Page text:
3 Big Company Strategies that will Build Your Small Business

3 Big Company Strategies that will Build Your Small Business

You may have watched some those super-expensive Superbowl ads go viral over the years and lamented your own small (or nonexistent)...


You may have watched some those super-expensive Superbowl ads go viral over the years and lamented your own small (or nonexistent) marketing budget, knowing that kind of exposure is out of reach.

Well, it may not be after all. After this year's Superbowl, the Brewers' Association, an industry group representing the majority of craft brewers in the U.S, snagged the spotlight. Responding to Peyton Manning's allegedly unsolicited repeated mentions of Bud Light during a post-game interview, the Association sent Manning two packages of craft beers, including several made in the Broncos' own Colorado.

The Brewers' Association took advantage of a big business strategy--inserting your brand into a current, and relevant, news story--and, it paid off. USA Today, ESPN, Yahoo and others all covered the letter sent with the beer, while a reporter for NFL.com tweeted it to his almost one million followers. The Association and ten of its brewers got all that press for the price of shipping two boxes of beer. That is one huge marketing win.

Of course, there are important differences between big businesses and small ones, and what works for one often won't help the other. But, as the Brewers' Association example makes clear, there are definitely some big business strategies that smaller businesses can take advantage of. Here are three of them.

Make the most of your social media presence.

Every company needs to be on social media now, but if you're only posting once a month to Facebook or Twitter, you're wasting your valuable time. For social media to have a chance of boosting your bottom line, you need to use it regularly. Buffer has a helpful infographic on how often you should be posting to the social networks. The trick is to do it well without allowing it to consume too much of your time.

I've recommended a lot of things about social media over the years, but here are some basics.

  • Automate as much of it as you can.
  • Tell your audience about promotions and new products, but don't hammer them over the head with it incessantly.
  • Your posts shouldn't be random or salesy.
  • Don't latch on to a trend just because it's there.
  • Don't post just to have something out there.
  • Your posts, whatever channel they're on, need to offer people value.
  • The best way to figure out what content your customers want is to ask them directly.
  • Spy on competitors to see what works.

Segment the market.

Let's face it, unless you're Coca-Cola, not everyone is a potential customer. Segmenting the market means separating consumers into categories and figuring out which of those categories you should be targeting. And it's something even the big businesses do; it'show Pepsi survived their competition with Coca-Cola.

There are a lot of ways to break down the world's 7 billion possible customers in order to find those likely to become your customers. Geographical location, gender, marital status, age, job, hobbies, education level, even psychological traits like "risk taker," or "early adopter" are all identifiable segments. The better the picture you have of your customers, the easier it will be to learn about them--and target them with your content. Facebook, for example, offers myriad ways of segmenting the market and targeting very specific groups of users.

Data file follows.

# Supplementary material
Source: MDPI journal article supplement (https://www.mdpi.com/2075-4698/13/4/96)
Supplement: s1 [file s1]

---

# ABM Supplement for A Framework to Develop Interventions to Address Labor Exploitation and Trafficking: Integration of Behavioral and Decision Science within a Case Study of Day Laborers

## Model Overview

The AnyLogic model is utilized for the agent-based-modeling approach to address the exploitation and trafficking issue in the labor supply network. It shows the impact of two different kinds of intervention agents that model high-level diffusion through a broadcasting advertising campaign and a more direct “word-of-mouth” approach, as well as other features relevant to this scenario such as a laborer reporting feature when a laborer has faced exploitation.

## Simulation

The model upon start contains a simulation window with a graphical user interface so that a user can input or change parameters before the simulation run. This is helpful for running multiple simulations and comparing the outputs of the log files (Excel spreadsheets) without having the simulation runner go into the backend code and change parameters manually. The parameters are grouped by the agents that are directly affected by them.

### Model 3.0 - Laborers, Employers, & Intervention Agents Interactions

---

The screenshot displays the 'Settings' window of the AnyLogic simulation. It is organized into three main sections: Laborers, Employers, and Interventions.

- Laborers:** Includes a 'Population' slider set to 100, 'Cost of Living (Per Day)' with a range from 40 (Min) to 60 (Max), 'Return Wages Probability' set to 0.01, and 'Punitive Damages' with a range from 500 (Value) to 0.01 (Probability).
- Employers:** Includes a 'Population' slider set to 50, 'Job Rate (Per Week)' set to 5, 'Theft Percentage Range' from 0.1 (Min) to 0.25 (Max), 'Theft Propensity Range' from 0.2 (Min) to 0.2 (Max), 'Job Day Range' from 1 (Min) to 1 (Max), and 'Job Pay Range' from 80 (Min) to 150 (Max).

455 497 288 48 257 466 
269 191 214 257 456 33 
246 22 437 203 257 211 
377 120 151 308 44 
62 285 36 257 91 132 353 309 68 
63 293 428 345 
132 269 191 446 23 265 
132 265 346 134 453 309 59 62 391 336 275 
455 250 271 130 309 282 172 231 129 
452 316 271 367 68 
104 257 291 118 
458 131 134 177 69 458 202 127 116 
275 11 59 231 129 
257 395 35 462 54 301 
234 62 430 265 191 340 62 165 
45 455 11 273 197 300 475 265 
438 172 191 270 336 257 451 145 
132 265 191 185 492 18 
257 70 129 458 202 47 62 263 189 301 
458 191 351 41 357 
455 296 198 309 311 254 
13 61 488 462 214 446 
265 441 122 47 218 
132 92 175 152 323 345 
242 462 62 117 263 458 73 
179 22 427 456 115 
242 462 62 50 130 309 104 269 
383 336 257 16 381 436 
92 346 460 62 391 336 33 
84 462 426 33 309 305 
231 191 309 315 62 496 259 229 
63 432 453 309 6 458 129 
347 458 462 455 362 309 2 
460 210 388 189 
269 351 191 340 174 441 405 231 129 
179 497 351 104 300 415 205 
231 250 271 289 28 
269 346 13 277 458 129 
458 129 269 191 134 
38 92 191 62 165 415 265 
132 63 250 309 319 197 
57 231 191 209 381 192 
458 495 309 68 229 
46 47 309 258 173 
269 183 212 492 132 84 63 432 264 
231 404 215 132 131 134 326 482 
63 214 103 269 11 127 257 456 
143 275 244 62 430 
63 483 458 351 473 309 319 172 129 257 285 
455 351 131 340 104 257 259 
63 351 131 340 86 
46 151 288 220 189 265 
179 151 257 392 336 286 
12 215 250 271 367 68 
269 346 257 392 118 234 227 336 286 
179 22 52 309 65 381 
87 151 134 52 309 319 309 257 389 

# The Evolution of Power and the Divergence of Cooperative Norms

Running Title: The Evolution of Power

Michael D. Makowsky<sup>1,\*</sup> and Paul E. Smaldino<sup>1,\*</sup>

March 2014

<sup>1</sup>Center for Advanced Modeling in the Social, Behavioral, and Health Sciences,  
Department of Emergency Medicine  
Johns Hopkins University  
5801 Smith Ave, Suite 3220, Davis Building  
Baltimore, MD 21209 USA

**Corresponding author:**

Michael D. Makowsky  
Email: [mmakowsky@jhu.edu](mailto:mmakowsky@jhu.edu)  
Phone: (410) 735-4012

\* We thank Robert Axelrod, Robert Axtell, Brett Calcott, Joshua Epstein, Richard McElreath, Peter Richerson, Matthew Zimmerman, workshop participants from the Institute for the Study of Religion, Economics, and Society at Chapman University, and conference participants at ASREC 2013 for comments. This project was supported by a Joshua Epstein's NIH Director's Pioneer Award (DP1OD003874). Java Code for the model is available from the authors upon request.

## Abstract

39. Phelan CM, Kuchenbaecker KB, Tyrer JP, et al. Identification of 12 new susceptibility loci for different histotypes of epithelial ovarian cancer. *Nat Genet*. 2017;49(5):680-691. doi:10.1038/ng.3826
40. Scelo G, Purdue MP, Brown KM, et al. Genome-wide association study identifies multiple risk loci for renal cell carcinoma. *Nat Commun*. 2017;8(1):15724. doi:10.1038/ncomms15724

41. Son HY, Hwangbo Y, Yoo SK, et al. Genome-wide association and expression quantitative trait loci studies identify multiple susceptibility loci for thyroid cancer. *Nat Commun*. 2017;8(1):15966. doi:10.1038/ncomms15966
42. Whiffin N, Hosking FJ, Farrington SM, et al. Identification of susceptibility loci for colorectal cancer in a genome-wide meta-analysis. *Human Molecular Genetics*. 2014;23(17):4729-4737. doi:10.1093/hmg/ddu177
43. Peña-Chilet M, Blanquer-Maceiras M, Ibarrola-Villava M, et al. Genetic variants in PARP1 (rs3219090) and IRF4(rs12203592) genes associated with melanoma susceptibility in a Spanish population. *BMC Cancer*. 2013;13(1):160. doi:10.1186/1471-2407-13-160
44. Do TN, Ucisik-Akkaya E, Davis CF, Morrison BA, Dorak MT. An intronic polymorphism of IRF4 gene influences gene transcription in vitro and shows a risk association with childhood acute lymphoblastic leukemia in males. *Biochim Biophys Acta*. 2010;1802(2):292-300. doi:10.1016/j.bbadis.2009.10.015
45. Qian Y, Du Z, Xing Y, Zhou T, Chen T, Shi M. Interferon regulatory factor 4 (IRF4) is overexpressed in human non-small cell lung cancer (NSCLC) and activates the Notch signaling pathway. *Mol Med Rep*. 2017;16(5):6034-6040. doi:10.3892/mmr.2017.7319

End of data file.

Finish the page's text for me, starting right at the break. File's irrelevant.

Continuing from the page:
Maximize the value of your web site.

All of the above doesn't' even matter if people come to your site and can't find what they're looking for. Have you considered what information people are coming to your site to find? Businesses like Target and Amazon always have their current promotions placed high so they're the first thing you see. It's always easy to find the hours and location of the nearest Home Depot or Staples. Don't assume because you're local that customers already know where you are or how late you're open. Can visitors find product information or a menu, if you're a restaurant? Have you linked your site to your Yelp! profile? Never make people hunt for information on your site. It annoys potential customers, and a high bounce rate can lower your search engine ranking.

It's all connected.

None of these points exist in a vacuum. Make sure to use what you've learned from the first two steps to optimize your web site. One idea is to think about who may visit your site and what content they might want to see. Over time, you'll get better at telegraphing and producing more content that may prompt them to share a link to your site. Much of this comes down to a hustler mindset. Dig up ways of encouraging your visitors to interact, and watch as you build your customer base and drive more profit.

This article was originally published on Inc.com.

Journalist

My name is John Boitnott and I am a tech writer and digital media consultant. I write for Inc.com, Entrepreneur, Business Insider, USAToday and others. Before I started at VVM I held dozens of positions at various TV newsrooms in the state of California. I worked in TV news from 1994 to 2009. I was a web editor for two years at KNTV, the NBC station serving the San Francisco Bay Area. I also worked as a writer there for one year. I held freelance writing positions at KGO, KRON and KPIX in San Francisco as well. I worked as a radio anchor, assignment desk manager, reporter, editor and producer at KEYT in Santa Barbara for 10 years.

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